For World Mental Health Day, we've rounded up eight designs that address the increasingly prevalent topic of mental wellbeing, including a hand-held anxiety reducer and a metaphorical gun that fires tears.
Having had her own negative experiences with mental health services, design graduate Sara Lopez Ibanez created a self-assessment kit to support those with similar issues.
After researching the UK's approach to mental health services and the various types of therapy on offer, Ibanez concluded that what patient's struggled with the most was the initial communication with their doctors.
Her Mindnosis kit, therefore, allows users to discover the type of help they need, and where they can get it from. It includes a set of eight activity cards that combine mindfulness, cognitive behaviour therapy techniques (CBT) and tips from peers to help users when they feel unwell.
Nicolette Bodewes also designed a mental health toolkit, intended to help users express their thoughts during psychotherapy sessions.
The idea similarly stemmed from Bodewes' own experiences with therapy, where she the found creative sessions more beneficial than standard, talk-based therapy.
Tools for Therapy features a basic set of building blocks as well as a set of 12 more complex objects, based on the Jungian Archetypes defined by Swiss psychologist Carl Jung. Other elements include round sheets of paper and a workbook.
Design graduate Yi-Fei Chen created a visual metaphor in the form of a Tear Gun to represent her personal struggle with expressing her thoughts.
Chen's brass Tear gun, which was displayed at last year's Dutch Design Week, fires bullets made from frozen tears that are collected as the user cries.
The project was influenced by a negative encounter Chen had with a tutor, where she felt that her "politeness became her weakness," and she was unable to voice her personal struggles.
At a loss of finding a tangible product on the market to help him with his own anxiety, Ramon Telfer worked with Calmingstone co-founder Alex Johnson to develop a hand-held device that eases anxiety through the use of light and sound.
As the pebble-shaped device sits in the palm of the hand, a copper ring sensor running around its edge senses the user's heart rate, and mimics it with a softly glowing light and a slight pulsing sensation.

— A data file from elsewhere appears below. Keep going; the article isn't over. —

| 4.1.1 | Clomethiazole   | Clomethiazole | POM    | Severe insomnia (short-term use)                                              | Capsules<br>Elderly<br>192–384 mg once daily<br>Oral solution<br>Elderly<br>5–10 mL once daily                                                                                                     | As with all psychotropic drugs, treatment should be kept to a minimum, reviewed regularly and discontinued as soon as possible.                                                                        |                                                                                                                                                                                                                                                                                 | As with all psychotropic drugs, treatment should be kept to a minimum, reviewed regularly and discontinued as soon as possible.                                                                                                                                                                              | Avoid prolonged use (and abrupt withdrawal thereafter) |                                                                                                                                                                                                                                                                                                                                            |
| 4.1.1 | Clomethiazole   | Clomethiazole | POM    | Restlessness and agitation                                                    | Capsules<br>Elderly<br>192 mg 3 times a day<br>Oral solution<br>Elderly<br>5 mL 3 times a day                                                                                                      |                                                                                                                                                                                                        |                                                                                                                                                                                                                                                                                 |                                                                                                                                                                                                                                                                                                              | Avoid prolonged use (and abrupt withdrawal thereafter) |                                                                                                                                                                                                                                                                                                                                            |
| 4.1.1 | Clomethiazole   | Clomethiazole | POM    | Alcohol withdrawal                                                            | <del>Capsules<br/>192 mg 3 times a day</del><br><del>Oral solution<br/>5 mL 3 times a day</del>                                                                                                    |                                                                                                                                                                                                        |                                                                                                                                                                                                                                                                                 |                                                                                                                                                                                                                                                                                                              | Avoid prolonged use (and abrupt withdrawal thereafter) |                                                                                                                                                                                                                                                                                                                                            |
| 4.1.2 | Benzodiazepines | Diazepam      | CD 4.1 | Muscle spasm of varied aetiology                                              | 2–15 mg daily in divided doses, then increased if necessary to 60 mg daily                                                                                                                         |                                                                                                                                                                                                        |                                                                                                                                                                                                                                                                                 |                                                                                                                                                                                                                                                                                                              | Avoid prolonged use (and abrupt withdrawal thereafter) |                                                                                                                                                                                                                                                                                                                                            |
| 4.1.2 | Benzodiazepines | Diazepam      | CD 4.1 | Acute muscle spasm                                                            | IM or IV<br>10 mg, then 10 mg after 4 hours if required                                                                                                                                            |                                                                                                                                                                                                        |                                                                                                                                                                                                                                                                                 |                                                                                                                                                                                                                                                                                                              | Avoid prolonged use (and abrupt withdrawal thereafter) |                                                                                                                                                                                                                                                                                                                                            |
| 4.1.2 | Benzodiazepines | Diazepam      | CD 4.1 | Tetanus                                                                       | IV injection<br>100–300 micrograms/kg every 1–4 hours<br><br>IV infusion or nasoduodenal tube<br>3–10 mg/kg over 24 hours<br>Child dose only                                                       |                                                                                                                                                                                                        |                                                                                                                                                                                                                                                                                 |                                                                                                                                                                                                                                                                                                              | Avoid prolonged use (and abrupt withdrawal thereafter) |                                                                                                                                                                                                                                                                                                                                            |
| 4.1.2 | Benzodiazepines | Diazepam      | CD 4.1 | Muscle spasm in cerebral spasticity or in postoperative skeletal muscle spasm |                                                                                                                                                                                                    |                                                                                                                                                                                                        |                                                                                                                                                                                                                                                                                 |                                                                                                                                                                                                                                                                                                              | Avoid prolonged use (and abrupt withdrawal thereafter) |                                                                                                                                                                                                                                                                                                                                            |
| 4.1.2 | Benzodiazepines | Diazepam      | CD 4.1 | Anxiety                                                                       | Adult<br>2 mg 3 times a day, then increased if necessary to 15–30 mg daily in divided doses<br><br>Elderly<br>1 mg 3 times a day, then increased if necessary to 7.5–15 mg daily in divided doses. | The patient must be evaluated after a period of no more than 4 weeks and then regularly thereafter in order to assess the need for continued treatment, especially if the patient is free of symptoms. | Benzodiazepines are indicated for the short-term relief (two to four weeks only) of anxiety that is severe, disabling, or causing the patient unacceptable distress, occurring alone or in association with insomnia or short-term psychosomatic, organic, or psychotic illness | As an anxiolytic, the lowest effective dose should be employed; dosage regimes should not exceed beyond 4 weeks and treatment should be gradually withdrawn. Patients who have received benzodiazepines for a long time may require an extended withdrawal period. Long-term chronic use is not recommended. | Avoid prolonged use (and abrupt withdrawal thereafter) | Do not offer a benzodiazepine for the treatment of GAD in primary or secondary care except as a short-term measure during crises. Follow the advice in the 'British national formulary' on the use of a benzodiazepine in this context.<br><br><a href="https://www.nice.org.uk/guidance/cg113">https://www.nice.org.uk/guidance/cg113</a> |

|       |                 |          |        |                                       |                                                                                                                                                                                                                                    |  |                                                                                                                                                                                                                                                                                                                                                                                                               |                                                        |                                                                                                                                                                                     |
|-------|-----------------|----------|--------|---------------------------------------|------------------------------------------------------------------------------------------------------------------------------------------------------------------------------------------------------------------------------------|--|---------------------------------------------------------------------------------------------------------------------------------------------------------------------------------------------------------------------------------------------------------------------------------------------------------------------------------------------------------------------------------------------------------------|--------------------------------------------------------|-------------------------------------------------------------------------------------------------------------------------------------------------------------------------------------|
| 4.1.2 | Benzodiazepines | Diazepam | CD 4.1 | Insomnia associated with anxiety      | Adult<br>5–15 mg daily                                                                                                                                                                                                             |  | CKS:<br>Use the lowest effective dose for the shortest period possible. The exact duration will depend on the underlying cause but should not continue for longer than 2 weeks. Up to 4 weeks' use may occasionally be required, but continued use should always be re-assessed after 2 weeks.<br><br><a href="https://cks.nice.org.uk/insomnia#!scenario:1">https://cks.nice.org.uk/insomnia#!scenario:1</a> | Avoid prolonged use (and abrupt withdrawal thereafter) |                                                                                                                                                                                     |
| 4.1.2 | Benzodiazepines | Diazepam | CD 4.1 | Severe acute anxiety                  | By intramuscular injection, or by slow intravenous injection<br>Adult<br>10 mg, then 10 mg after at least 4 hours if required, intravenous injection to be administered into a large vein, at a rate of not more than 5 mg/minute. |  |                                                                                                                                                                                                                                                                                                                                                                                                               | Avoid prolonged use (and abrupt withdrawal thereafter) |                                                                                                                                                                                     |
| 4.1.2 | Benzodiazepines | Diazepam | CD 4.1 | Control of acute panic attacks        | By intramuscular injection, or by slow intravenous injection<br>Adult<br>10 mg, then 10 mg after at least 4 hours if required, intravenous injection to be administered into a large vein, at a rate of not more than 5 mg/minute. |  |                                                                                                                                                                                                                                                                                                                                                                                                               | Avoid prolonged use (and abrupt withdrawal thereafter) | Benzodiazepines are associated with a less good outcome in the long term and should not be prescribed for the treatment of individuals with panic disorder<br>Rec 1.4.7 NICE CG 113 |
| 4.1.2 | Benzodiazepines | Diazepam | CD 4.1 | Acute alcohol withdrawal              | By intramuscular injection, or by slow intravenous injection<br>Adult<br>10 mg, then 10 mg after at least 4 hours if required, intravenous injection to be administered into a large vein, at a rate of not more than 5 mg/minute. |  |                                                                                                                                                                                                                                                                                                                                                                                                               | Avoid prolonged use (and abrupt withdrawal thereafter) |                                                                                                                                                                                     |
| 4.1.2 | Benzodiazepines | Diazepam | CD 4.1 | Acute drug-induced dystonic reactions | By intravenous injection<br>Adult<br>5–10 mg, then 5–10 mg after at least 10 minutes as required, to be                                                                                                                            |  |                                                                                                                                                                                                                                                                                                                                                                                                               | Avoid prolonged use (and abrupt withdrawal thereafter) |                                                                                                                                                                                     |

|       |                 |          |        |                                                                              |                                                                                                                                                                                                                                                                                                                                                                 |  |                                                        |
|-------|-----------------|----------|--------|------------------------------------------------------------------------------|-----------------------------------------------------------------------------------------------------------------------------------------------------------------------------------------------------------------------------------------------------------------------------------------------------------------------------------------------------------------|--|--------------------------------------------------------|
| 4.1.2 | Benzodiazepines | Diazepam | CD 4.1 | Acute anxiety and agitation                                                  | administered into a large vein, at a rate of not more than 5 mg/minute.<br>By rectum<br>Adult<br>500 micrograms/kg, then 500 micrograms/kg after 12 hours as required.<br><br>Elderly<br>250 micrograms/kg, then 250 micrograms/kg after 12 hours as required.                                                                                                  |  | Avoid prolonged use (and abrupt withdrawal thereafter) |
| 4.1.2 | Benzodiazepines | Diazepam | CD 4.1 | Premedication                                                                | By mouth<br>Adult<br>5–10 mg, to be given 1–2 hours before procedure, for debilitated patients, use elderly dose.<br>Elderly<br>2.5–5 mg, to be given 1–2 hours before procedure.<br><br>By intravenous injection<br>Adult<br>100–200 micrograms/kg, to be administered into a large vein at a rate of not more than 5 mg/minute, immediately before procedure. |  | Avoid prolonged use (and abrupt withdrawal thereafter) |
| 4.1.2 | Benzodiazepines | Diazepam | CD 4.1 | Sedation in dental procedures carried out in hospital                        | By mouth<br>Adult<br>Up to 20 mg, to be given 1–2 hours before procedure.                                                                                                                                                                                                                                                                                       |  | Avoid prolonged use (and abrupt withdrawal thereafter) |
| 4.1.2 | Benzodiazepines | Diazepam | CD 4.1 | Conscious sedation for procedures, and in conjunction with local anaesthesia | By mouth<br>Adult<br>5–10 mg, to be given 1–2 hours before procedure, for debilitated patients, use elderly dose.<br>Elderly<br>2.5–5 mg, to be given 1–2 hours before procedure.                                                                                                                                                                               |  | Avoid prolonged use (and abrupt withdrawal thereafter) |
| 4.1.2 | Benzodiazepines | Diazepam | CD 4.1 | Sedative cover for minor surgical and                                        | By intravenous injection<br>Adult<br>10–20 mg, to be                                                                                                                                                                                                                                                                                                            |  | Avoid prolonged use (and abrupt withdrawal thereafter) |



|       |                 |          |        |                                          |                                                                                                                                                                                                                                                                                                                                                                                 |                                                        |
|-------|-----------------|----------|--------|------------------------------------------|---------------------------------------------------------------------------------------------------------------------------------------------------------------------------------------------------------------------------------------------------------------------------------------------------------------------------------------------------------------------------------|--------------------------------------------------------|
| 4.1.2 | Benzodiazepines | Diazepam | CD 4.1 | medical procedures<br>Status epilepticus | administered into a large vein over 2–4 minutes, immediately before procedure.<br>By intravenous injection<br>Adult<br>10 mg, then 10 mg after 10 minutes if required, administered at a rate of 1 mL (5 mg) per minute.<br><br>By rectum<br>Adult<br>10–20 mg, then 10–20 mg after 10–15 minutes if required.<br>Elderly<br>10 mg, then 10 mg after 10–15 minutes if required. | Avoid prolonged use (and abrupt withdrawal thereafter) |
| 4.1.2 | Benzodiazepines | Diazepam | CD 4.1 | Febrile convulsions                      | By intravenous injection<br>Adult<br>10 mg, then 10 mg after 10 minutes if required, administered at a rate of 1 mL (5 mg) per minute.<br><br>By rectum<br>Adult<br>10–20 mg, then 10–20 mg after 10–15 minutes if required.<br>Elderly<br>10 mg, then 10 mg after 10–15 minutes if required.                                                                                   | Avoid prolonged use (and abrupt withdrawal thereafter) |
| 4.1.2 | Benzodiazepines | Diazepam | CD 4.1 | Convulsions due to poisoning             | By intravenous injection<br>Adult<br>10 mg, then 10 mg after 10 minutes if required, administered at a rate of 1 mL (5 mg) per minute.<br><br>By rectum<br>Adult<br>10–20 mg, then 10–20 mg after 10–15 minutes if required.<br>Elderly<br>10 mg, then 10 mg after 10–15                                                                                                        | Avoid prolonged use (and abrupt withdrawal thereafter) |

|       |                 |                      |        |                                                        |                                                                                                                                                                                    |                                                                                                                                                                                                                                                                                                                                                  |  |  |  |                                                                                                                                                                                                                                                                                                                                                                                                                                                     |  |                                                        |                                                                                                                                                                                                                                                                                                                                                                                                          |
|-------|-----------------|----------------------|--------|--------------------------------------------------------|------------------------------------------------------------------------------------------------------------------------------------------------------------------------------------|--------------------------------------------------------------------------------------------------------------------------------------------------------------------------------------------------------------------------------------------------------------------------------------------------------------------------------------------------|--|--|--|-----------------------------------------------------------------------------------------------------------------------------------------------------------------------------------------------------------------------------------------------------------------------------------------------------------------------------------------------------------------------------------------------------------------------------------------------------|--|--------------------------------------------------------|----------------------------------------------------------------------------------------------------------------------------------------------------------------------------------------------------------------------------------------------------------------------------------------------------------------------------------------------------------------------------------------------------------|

"Because stress is very real and life is a fully tactile, sensory experience, we have created and evolved our learnings into a beautiful, intimate product that anyone can hold, feel and listen to," said the industrial designer.
Graduate designer Rui Sun created an Emotional First Aid Kit, comprised of five objects designed to provide comfort in times of mental distress. The project aims to demonstrate that our emotional wellbeing is just as important as our physical health.
Each of the objects are intended to comfort the user in a particular way – the Purple Breathing Mask gives off calming scents when the user breathes in, allowing them to clear their mind when in overwhelming situations, and the Green Meditating Stethoscope helps stressed users tune into their breath and meditate.
These egg-shaped mobile therapy spaces were designed by Karl Lenton to provide prisoners with better and more comfortable access to healthcare.
The pods can be used for one-on-one consultations or group meetings with up to four people, featuring a central table, colour-changing lamps, speakers and touchscreens. The Seeds' inner foam cores reduce the external sounds of the loud prison environment, allowing conversations to take place without interference.
To ensure that no potentially harmful ligature points are involved, the structures break down into eight modular pieces that can be quickly assembled without screws or clips.
Students from New York's Pratt Institute collaborated with the Cooper Hewitt museum and non-profit organisation CaringKind to create a series of home products and accessories that aim to assist those suffering from Alzheimer's disease.
The objects were designed to help memory-loss sufferers face everyday tasks with more ease, such as getting dressed, brushing teeth, or eating.
Sean Wang's Mirror Table consists of a table with an open wooden frame like that of a mirror and helps users relearn simple tasks like brushing teeth or spooning food by having the carer sit opposite the cared-for as they mimic their actions.
Various architects have also addressed mental wellbeing in their structural projects. Andrew Maynard renovated his Melbourne home to be so open to natural sunlight that it requires him to "wear sunglasses inside" in a bid to improve his mental health via his vitamin D levels, as prompted by his doctor.